What’s wrong with evidence-informed technology integration?

What’s wrong with evidence-informed technology integration?

Technology integration and technology use in education has been, and always will be, under immense scrutiny when it comes to determining its impact on student outcomes. With so many schools filled with a wide variety of devices and software, I can’t help but wonder how many of those school leaders really considered the impact that their new-found technology would have on their learners.

As a learning technologist and an advocate for technology use, I love technology. I love the affordances of technology and the tools they provide to help enhance my teaching. I’ve spent the past six years or so championing the use of mobile devices and 1:1 programmes, talking about engagement and creativity. While there is value to this excitement, the spotlight is shining brightly on evidence-informed practice and quite frankly ‘engagement and creativity’ just doesn’t seem to be enough anymore. Many would argue that it never really was.

So what’s wrong with evidence-informed technology integration? Well, absolutely nothing of course. As I reread Louise Stoll’s recent piece in the Chartered College of Teaching magazine ‘Impact’, I’m reminded of the many educators who, like myself, face a number of challenges when embracing research. As my ‘wrong journey’ continues, I now hold up a mirror to my own beliefs and approach to practice.

Exploring evidence-informed practice through various lenses

Considering our own biases

How many of us just believe that certain classroom ideologies work? How many of us are open to changing, reflecting on or even reconsidering our fundamental beliefs when it comes to pedagogy? I’m not just talking about changing some strategies to improve learning or outcomes, I mean changing our core beliefs? David Didau tells us ‘not to trust our gut’, that we have to consider that just because we ‘see’ learning happening, it doesn’t mean it actually is,

“In order to escape some of the grossest errors of judgement, we must mistrust the illusion of certainly and seek to avoid entirely predictable cognitive bias”

— David Didau

Here lies one of our greatest challenges. After all the investment, time and financial, are we prepared to except that our approach to technology integration is wrong? What might be the fallout of our discoveries? Am I, a self-proclaimed advocate for technology, prepared to address my own discrepancies without bias?

The needle in the haystack

Making those discoveries is also a challenge in itself. Quality research in technology education and integration is difficult to find. I recall the painstaking efforts to find quality data for my Masters degree dissertation. Ultimately, the best research focused on learning itself, which shouldn’t be much of a surprise – technology was always the footnote. But that can no longer be the case. Educators need access to quality research and data on how technology impacts on learning. Schools need access to quality data to ensure that they are investing wisely, not just in physical hardware but in the professional development of those educators that are required to use it.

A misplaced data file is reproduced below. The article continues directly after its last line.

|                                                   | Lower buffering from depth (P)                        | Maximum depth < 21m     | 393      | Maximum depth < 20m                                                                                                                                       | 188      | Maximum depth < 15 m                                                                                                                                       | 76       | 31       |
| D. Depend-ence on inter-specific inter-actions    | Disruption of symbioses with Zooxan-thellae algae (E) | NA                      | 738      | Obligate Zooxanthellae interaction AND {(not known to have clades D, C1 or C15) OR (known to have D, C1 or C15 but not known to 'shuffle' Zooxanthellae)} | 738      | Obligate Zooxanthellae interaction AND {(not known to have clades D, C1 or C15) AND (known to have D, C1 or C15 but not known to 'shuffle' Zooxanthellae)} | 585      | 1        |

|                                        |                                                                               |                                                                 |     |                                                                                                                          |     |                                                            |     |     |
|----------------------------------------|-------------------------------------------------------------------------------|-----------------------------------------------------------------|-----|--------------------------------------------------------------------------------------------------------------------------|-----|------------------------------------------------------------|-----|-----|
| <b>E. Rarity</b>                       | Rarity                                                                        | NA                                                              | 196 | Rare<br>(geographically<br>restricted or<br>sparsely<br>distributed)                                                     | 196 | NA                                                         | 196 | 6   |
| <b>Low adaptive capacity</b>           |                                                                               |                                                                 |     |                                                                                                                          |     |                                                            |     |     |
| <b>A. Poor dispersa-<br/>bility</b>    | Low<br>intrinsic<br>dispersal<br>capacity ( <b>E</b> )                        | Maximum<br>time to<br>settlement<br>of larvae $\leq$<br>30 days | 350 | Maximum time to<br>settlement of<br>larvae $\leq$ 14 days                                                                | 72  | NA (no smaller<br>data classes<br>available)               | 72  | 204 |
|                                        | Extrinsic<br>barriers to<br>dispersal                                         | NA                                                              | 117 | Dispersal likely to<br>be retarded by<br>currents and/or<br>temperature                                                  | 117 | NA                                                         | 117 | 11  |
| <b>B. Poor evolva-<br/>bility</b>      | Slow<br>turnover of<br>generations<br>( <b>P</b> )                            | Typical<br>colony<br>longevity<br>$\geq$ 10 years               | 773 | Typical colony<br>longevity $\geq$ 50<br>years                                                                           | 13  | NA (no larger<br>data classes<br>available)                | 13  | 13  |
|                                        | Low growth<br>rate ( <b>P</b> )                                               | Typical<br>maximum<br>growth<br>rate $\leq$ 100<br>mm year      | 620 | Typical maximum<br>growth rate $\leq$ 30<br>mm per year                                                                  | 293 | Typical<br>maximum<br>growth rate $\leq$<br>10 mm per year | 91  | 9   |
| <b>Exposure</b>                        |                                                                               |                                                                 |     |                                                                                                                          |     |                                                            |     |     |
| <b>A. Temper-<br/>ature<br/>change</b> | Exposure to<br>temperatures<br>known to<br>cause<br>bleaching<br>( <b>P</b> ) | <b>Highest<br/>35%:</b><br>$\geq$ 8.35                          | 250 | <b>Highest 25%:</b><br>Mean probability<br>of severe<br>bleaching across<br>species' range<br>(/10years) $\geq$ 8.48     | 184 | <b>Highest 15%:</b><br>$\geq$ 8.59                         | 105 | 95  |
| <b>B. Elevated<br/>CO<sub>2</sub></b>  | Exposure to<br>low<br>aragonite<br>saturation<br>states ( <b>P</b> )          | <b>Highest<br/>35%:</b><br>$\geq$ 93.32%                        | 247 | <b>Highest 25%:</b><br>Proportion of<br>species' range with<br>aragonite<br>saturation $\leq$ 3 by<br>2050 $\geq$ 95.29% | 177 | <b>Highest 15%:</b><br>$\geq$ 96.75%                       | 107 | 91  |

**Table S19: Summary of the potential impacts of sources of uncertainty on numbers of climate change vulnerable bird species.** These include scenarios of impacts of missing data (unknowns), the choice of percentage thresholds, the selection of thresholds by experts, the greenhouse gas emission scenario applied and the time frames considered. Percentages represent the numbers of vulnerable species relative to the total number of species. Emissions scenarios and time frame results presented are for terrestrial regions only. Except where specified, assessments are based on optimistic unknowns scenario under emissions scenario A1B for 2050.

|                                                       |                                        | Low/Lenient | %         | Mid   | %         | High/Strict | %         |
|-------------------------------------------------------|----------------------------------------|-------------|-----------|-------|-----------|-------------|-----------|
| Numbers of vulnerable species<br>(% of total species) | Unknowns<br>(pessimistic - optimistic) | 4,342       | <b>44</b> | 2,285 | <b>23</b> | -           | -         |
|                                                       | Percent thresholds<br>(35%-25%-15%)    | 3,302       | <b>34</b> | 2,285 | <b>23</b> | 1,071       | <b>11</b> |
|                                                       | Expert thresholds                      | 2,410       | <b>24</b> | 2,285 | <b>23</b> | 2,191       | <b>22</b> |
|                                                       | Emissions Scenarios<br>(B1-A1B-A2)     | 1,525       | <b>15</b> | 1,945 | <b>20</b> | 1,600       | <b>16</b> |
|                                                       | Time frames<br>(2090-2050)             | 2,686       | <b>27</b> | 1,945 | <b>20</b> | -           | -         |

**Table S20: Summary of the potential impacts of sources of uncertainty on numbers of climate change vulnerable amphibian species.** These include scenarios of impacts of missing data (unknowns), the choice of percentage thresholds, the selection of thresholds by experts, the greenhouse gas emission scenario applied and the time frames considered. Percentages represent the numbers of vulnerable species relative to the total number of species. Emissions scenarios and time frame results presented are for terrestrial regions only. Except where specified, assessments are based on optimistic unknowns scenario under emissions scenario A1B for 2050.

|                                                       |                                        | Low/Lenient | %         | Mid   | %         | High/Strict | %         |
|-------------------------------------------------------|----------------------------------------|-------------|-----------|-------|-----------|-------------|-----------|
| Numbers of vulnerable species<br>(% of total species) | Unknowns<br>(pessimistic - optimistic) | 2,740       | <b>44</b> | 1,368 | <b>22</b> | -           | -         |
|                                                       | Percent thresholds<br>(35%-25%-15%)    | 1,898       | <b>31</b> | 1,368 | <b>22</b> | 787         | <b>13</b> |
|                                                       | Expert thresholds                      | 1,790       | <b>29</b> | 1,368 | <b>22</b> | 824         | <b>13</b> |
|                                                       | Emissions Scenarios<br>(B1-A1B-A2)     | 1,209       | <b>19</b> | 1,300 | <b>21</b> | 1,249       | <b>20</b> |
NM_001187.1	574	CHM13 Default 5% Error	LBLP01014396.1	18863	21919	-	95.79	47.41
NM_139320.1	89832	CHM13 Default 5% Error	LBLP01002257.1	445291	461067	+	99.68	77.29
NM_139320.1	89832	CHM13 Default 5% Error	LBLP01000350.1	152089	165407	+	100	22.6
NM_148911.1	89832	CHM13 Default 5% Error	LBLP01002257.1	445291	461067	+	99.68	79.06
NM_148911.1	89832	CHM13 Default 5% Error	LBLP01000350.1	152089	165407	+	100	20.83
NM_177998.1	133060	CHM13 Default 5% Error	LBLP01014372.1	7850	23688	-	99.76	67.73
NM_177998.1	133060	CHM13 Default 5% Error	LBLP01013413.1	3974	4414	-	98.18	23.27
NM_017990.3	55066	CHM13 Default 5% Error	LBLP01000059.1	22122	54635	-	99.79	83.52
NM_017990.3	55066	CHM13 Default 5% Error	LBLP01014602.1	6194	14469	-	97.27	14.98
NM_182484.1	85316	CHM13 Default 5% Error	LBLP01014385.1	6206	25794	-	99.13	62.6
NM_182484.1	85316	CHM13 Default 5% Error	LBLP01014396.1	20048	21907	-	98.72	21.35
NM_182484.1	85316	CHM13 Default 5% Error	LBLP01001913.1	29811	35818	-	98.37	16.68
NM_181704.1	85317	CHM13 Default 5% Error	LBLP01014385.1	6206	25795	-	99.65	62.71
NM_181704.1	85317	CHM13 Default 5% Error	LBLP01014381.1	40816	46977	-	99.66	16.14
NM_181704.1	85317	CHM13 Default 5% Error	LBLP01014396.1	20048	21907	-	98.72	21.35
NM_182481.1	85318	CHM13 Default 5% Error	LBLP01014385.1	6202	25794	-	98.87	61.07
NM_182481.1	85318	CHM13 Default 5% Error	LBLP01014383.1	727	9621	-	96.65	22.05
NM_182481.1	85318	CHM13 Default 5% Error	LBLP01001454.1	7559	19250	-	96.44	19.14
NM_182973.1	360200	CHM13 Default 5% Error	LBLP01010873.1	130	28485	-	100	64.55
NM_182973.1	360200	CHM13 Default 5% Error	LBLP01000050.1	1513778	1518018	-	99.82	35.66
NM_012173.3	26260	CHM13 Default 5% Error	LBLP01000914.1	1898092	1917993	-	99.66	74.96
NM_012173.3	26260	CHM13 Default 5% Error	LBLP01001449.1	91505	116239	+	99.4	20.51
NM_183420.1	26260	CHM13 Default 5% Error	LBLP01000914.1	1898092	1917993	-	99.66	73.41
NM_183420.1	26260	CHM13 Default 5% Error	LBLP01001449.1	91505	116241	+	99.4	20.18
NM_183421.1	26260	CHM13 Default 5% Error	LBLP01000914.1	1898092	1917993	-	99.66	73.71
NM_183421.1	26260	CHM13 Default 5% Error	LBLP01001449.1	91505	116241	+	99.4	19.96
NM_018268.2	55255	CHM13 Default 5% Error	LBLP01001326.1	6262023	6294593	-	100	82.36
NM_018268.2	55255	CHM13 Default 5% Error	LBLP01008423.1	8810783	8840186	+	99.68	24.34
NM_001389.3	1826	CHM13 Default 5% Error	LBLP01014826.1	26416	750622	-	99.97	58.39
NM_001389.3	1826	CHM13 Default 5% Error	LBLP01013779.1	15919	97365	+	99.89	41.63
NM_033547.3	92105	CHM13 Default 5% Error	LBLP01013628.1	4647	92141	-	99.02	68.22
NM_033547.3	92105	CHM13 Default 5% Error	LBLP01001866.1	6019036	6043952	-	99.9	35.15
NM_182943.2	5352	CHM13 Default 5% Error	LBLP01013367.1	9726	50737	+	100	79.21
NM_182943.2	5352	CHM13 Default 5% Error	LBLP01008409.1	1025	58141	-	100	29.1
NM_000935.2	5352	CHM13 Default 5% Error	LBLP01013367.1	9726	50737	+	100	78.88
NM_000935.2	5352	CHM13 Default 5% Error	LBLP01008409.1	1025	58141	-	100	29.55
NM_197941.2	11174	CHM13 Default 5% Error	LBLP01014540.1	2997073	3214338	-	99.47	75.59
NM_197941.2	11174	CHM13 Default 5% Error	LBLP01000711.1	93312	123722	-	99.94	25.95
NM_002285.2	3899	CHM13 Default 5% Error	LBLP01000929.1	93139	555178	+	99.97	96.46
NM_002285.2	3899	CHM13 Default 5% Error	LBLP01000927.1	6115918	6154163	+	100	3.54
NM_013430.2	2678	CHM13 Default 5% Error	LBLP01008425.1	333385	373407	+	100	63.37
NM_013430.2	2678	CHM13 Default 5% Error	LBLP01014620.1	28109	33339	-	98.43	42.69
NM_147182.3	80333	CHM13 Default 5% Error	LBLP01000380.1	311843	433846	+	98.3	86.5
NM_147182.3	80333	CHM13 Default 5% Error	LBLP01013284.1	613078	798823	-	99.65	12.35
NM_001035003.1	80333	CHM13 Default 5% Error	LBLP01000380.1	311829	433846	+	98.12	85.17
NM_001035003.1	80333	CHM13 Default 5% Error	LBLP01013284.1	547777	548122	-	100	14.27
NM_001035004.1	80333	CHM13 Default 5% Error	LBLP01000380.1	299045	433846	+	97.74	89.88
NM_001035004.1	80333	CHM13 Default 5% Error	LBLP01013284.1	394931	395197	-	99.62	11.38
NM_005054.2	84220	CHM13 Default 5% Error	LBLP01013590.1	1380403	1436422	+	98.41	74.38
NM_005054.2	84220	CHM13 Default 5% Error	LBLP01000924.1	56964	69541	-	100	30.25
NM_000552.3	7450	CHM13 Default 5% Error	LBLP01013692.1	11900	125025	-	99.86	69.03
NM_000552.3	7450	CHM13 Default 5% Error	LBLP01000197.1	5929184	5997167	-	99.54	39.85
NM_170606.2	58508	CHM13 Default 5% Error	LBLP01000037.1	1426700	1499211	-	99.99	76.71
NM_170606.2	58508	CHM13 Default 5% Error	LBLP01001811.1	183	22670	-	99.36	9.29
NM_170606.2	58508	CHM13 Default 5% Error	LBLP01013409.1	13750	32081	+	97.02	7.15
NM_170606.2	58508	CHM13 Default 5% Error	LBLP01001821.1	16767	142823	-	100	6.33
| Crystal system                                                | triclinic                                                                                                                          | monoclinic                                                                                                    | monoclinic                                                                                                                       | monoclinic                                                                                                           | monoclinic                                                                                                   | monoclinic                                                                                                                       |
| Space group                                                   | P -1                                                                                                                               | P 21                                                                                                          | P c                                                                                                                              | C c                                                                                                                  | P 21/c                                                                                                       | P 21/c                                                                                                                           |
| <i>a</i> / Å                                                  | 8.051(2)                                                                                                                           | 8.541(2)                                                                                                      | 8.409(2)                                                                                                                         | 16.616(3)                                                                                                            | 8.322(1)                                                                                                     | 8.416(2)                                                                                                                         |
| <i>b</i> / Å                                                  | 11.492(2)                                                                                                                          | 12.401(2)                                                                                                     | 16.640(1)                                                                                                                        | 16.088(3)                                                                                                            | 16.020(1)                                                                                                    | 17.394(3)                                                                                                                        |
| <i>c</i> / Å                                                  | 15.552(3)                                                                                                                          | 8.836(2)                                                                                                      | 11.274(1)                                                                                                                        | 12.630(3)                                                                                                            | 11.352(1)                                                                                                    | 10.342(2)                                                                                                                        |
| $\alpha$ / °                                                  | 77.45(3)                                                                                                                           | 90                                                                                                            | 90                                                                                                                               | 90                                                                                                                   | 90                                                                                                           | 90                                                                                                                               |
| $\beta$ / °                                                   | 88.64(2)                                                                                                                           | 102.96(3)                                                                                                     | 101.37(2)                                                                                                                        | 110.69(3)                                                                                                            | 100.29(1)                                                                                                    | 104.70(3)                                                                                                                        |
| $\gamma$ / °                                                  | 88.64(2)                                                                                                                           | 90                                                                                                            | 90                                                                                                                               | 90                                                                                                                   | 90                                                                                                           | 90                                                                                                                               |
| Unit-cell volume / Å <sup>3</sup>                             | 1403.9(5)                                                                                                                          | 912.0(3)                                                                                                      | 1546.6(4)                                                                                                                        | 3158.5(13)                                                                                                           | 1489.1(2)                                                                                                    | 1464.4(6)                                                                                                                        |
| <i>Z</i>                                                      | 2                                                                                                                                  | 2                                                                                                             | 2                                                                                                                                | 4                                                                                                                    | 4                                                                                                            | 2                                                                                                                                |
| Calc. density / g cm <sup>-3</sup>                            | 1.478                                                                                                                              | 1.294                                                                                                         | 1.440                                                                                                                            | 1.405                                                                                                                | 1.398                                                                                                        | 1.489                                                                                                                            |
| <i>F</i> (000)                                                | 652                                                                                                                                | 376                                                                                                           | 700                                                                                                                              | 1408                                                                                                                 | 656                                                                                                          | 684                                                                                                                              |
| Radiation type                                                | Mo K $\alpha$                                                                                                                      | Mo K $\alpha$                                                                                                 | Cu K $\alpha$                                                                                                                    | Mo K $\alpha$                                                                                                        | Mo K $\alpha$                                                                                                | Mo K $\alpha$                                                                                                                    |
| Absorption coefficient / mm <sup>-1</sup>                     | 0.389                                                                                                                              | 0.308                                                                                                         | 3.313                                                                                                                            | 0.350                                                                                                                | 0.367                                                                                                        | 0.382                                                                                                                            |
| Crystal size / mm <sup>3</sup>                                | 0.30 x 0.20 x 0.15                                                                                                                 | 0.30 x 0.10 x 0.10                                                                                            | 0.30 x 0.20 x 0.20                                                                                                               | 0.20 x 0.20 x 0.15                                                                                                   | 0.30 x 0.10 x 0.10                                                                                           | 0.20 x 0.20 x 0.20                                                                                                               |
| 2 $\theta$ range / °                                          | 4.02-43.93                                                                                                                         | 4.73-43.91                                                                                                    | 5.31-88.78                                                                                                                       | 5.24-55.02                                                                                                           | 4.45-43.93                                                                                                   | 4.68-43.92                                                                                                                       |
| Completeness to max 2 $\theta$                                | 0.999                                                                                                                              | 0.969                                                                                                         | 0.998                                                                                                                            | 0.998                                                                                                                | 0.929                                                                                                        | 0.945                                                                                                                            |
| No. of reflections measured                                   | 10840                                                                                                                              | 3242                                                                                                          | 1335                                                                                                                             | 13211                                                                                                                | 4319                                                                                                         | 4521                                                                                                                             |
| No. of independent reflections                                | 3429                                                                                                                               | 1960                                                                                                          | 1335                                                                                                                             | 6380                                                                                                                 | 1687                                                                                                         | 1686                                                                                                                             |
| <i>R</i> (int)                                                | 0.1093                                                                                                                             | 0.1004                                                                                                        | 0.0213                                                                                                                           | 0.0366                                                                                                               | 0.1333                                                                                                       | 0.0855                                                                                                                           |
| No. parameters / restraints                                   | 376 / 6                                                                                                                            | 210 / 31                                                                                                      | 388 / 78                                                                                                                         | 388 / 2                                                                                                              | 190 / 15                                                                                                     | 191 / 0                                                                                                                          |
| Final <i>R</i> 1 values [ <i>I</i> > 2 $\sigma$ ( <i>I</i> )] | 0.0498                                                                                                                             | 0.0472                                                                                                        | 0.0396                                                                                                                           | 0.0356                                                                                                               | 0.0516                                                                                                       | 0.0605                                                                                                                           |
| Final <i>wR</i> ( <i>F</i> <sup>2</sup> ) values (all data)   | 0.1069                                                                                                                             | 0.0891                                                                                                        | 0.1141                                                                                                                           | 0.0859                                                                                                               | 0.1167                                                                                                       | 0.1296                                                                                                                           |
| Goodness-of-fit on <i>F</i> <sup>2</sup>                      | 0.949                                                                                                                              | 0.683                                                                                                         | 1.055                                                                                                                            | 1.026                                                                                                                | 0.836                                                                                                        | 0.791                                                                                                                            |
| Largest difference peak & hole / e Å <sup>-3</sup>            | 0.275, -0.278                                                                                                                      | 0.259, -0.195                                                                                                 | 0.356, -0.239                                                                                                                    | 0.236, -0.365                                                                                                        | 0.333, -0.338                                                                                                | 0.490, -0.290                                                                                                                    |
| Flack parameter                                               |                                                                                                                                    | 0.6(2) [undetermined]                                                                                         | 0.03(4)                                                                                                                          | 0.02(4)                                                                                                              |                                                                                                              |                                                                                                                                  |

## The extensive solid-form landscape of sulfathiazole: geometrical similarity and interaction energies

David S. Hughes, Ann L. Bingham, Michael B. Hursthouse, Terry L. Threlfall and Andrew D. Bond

Building a network

Sharing my experience of coding in the curriculum, Denmark 2017

I’ve recently returned from Denmark where I was fortunate enough to work alongside Apple and my peers from schools across Europe. I discovered that we all experience the same challenges. We’re all accountable to our schools to ensure that the investment in technology integration pays off. More importantly we’re accountable to our students and their progress. Stoll explains that another challenge when moving towards evidence-informed practice is that we often try to do this in isolation.

Being part of a community that aims to inspire learners and move them forward through technology use is incredibly powerful. Since being accepted to join the Apple Distinguished Educator community in 2013 I have had the opportunity to share and learn about technology integration with incredible educators from across the world. It has been a delight to discuss and share our experience of best practice in the classroom via a range of devices and platforms.

What’s missing?

Despite all of our access to technology, best practice about technology integration is still in its infancy. So what’s missing?

  • Access to quality research in technology integration is in high demand
  • Schools need a clear strategy for integrating technology, as well as evaluating its impact
  • Specialist educators and leaders responsible for technology integration need access to a community of learners with similar expertise and interest in research enquiry and knowledge curation

This list just scratches the surface as to how we can make better use of research in this field. This highlights the need for current experts and specialists to actually undertake the research – easier said than done! I’m sure the debate and concerns surrounding evidence-informed practice in technology integration is far from over. I for one am excited to be part of that discussion.


David Didau, ‘What if everything you knew about education was wrong?’, pages 7-107

Louise Stoll, ‘Five challenges in moving forward in evidence-informed practice’, ‘Impact’, The Chartered College of Teaching, pages 11-13

Leave a Reply

Your email address will not be published. Required fields are marked *